It's going to enable the reduction of costs, simplicity of management in those verticals, it's going to be really a game changer, I think in what's available in terms of telecommunications, VoIP, video streaming, all of these kinds of applications.
We're going to see very, very rapid progress in the coming years because of this move to NFV.
Gordon:  If I can summarize what I've been seeing out there; all this software defined everything is really is incredibly powerful idea both from an economics point of view and just from a flexibility point of view.
At the same time, to be realistic, as you say, there are complexities. We haven't even gotten into some of the complexities of the different types of network configurations you might have to set up there especially in the context of existing legacy data centers.
You can't just come in and throw away all your existing switches overnight someday because all of your applications, data centers are architected around this. So there's certainly a lot of learning and a lot of complexities associated there.
At the same time, you really can't just half way software define things. If you only use software defined compute, or you only use software defined storage, or some combination thereof, and just say we'll keep on doing networking the way we always have, you'll still get some benefit, but you don't get nearly the benefit if you do the whole thing.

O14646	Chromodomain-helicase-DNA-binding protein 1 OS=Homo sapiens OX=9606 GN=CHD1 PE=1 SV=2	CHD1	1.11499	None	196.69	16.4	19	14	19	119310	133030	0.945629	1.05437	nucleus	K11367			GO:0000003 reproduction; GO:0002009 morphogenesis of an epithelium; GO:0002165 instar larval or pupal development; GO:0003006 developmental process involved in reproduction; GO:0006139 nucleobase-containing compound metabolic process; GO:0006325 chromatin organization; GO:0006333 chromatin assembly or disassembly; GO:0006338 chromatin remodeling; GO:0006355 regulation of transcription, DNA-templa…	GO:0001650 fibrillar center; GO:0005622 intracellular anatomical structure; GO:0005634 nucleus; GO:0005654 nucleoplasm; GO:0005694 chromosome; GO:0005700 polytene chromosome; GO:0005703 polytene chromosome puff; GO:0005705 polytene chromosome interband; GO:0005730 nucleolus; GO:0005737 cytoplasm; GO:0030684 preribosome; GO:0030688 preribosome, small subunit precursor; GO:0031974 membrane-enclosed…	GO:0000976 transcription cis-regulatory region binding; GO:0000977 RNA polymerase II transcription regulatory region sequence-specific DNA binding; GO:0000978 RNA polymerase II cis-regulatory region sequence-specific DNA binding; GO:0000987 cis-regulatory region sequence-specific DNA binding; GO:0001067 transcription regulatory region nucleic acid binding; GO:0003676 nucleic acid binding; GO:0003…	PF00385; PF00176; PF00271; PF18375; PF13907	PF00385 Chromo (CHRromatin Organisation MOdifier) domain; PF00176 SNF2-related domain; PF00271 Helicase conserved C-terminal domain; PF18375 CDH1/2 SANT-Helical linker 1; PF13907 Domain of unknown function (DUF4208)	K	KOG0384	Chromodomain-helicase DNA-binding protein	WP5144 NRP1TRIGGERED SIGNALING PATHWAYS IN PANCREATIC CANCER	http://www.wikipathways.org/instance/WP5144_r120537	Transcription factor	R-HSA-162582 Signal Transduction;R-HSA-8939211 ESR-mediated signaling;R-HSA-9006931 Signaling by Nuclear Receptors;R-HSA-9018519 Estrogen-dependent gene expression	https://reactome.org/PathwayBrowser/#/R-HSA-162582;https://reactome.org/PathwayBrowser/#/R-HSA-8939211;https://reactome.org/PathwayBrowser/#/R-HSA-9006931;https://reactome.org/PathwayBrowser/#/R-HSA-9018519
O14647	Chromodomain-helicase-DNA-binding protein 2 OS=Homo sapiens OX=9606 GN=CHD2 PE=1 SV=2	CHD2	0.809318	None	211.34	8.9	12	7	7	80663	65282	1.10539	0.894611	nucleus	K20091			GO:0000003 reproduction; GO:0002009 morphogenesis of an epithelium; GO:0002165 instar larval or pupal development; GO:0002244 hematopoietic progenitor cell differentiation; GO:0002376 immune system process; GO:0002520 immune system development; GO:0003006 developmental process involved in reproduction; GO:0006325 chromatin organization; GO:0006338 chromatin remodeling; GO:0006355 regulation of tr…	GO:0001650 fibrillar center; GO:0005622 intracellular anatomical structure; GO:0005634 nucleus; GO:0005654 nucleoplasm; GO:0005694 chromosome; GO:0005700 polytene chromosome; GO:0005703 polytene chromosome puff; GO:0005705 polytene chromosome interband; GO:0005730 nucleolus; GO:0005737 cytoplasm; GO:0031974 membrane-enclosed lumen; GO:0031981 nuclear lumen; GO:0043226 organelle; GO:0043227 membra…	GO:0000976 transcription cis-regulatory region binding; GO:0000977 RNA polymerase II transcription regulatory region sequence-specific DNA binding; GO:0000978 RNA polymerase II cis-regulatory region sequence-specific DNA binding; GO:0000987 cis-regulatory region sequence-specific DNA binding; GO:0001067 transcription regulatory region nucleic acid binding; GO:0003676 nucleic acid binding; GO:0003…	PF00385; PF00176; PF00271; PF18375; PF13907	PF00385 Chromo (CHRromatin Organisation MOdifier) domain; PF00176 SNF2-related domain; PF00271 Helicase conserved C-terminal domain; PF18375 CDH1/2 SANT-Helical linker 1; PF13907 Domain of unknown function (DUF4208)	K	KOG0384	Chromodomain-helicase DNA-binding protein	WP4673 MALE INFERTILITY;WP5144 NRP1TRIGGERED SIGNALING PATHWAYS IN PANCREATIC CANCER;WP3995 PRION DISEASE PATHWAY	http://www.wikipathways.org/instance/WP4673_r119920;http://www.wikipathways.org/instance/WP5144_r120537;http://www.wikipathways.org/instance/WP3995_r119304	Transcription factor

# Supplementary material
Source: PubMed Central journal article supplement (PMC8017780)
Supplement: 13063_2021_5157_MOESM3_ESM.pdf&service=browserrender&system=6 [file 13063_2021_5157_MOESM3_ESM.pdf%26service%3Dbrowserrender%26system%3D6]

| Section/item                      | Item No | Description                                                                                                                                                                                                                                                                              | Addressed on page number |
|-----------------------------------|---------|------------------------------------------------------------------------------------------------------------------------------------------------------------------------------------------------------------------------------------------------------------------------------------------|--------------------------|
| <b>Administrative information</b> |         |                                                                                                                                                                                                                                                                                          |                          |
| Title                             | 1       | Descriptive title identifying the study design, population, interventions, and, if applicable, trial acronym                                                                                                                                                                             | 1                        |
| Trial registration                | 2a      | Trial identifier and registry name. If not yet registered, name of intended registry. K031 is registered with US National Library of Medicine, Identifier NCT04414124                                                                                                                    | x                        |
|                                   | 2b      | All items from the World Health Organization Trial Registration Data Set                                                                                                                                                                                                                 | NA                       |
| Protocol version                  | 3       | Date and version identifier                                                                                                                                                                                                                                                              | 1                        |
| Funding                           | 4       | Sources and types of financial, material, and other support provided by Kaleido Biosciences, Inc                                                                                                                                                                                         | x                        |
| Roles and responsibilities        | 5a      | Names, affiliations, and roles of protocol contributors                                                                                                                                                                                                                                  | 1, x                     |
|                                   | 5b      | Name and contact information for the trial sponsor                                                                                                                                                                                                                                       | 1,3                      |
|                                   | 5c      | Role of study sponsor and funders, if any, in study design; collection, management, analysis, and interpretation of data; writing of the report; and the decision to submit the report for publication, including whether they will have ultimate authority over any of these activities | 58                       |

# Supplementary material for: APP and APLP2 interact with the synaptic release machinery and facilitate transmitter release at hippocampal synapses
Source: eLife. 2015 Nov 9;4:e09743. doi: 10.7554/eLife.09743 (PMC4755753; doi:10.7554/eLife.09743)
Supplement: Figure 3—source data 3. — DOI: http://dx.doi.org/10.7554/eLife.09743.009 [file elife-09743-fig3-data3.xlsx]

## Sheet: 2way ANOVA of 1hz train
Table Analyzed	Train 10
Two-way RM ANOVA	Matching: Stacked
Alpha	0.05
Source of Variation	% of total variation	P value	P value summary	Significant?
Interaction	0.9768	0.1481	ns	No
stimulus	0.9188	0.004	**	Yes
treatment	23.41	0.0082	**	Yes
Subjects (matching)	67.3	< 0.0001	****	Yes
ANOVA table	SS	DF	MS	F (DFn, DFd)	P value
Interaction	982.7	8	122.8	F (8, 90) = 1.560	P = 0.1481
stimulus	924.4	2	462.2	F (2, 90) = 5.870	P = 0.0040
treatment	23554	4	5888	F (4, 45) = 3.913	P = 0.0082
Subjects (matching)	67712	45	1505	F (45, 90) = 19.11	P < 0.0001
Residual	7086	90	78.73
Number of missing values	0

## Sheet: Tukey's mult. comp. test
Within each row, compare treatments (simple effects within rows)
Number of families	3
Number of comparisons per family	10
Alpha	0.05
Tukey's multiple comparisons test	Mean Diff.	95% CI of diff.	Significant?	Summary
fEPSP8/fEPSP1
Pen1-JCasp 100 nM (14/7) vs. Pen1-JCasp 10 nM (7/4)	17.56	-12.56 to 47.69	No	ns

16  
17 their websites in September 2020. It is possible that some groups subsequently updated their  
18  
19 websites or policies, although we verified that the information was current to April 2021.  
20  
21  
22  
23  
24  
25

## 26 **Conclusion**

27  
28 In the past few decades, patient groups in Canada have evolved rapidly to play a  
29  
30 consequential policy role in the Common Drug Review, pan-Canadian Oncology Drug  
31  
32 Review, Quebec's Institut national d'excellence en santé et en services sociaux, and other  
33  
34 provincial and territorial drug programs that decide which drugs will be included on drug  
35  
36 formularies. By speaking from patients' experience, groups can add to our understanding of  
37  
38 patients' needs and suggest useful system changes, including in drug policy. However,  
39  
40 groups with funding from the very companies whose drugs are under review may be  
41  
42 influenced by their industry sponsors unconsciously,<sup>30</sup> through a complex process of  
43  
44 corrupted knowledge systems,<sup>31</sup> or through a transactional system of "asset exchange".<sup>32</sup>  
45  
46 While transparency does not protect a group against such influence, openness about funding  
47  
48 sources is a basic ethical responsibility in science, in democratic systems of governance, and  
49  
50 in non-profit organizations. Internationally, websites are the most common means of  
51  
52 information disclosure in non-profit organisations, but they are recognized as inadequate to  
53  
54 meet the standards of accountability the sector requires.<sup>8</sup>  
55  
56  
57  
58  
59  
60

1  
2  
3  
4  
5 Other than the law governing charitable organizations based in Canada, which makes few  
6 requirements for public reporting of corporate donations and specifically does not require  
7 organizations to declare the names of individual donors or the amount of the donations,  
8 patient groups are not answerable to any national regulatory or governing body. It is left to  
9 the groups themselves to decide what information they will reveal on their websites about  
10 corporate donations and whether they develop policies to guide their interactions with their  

Dave:  I think what it comes down to is, why did we move to software defined compute, software defined storage in the first place? And it's because, what were we doing before?
If you wanted to provision a host, if you wanted to provision a computer, it took hours, days, weeks.
The move to automation, the move to scripting, the move to statelessness, the move to defining the process by which you create an environment allowed you to go faster.
It allowed you to innovate faster because you are no longer in the situation where every time you wanted to deploy a new version, you cross your fingers and you tell the team that they're not going home that weekend because they're going to spend three days in the office making sure the thing works.
When you make your deployment cycle shorter, you increase innovation. You allow yourself to adapt faster to market needs.
If you want to add a switch, or if you want to add a host to the network, that's the bottleneck. That's the place for you actually have to pick up a phone and call somebody, and have that done manually. And all of the scripts are custom scripts, and all of the switches are configured in a very particular way.
Automating that is going to bring the same benefits to the network engineers that it brought to operations engineers over the last five years, and which is now becoming a mainstream operation as you want to reduce your deployment cycles to the minimum possible.